The Sellers wrote to GAFTA objecting to the arbitral tribunal’s jurisdiction on the basis that the Buyers had failed to commence arbitration under each contract properly and instead wrongfully commenced a single consolidated arbitration in respect of the disputes under the two separate contracts without the Sellers’ consent.
The First Tier GAFTA Tribunal rejected the Sellers’ objection on the grounds that the right to object had been waived by their silence following the Buyers’ suggestion that the two contracts/disputes be adjudicated in a single arbitration and by the same tribunal. The GAFTA Board of Appeal also upheld the decision.
The Sellers proceeded to challenge both the First Tier Tribunal Award and the Appeal Board Award under Section 67 of the Arbitration Act.
Decision on the Section 67 Challenge
Interpretation of the Notice of Arbitration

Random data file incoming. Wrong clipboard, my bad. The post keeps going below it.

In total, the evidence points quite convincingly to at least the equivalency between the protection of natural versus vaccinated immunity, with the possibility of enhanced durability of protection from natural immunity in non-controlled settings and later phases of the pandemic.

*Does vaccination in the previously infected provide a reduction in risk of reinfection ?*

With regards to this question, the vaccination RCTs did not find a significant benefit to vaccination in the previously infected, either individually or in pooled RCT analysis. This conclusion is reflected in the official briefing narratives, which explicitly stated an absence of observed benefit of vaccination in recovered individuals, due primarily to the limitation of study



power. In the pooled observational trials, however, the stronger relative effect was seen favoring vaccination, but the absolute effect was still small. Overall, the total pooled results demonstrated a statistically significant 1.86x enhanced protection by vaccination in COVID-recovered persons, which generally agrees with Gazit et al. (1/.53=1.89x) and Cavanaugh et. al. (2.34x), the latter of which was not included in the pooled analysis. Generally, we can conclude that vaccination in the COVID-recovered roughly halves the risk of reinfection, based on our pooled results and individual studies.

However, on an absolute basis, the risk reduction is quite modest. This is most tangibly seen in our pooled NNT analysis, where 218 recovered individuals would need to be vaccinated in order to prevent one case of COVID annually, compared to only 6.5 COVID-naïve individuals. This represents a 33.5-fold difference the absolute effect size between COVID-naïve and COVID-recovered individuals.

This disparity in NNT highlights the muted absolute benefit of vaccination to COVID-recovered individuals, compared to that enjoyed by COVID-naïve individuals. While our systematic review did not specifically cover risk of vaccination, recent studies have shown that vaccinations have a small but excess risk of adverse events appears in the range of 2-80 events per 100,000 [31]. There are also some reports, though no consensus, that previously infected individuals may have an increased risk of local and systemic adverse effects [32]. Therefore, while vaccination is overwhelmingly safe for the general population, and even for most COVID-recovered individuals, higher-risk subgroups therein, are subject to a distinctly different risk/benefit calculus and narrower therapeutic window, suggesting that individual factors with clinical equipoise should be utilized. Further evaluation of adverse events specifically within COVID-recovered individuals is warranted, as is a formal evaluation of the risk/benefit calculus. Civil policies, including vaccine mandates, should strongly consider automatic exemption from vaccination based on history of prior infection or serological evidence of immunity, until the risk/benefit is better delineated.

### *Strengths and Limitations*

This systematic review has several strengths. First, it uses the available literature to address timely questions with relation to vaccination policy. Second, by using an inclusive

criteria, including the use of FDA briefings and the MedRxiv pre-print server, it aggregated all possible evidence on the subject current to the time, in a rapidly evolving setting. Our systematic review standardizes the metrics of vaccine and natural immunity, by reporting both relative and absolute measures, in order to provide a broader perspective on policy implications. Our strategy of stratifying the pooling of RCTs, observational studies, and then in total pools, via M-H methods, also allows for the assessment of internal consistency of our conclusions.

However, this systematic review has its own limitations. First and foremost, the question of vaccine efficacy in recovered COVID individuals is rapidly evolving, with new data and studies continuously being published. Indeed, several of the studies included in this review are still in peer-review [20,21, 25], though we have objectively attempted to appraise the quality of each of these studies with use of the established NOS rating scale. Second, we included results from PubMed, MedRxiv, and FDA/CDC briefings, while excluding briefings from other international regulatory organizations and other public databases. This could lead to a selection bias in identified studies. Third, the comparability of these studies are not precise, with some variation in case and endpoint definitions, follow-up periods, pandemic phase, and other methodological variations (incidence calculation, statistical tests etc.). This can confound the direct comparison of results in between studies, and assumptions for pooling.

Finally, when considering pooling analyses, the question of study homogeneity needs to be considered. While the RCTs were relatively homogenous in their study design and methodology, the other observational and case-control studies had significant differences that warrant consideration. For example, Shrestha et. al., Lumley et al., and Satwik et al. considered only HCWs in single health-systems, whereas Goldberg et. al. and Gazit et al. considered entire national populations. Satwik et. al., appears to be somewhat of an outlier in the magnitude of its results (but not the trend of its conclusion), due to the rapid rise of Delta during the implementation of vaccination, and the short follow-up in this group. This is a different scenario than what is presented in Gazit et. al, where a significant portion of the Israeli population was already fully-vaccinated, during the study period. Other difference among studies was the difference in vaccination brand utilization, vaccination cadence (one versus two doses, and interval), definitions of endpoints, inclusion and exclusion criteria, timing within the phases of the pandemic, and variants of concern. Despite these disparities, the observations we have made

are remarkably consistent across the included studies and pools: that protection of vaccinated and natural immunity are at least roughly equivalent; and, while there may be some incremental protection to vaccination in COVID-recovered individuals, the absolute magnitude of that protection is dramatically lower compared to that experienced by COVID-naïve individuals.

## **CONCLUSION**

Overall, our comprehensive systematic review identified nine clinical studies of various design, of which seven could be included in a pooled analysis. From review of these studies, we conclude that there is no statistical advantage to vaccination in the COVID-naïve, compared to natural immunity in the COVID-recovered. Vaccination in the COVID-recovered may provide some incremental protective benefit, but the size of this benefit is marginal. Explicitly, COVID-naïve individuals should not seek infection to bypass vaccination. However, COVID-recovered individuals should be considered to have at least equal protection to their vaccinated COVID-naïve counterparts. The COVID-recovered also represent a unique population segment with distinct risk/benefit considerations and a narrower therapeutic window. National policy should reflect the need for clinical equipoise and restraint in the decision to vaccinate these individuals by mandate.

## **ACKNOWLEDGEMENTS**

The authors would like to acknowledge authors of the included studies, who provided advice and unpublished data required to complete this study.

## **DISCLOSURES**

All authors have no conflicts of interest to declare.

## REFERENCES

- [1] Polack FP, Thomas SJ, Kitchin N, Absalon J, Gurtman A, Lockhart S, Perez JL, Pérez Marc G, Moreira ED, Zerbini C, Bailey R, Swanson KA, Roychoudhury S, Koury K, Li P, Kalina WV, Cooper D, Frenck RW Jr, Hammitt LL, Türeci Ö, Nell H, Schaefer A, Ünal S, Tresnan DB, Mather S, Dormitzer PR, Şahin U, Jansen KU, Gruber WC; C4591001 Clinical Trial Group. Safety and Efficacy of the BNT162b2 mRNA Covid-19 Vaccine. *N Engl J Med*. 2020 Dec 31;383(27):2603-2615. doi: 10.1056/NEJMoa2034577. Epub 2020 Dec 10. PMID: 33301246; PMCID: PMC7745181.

The court rejected the argument that the Notice did not purport to commence arbitration in respect of both Contracts. The Court held that there are no statutory prescribed formalities under Section 14(4) of the Arbitration Act 1996 which a notice of arbitration must follow save that it be in writing.
The Court instead emphasised the significance of the Final Paragraph of the Notice in which the Buyers had made it clear they were seeking to have the “two contracts/disputes be adjudicated together under a single arbitration and by the same Tribunal”. The judge agreed with the Buyers that such a request would not have made sense unless the Notice was commencing two arbitrations.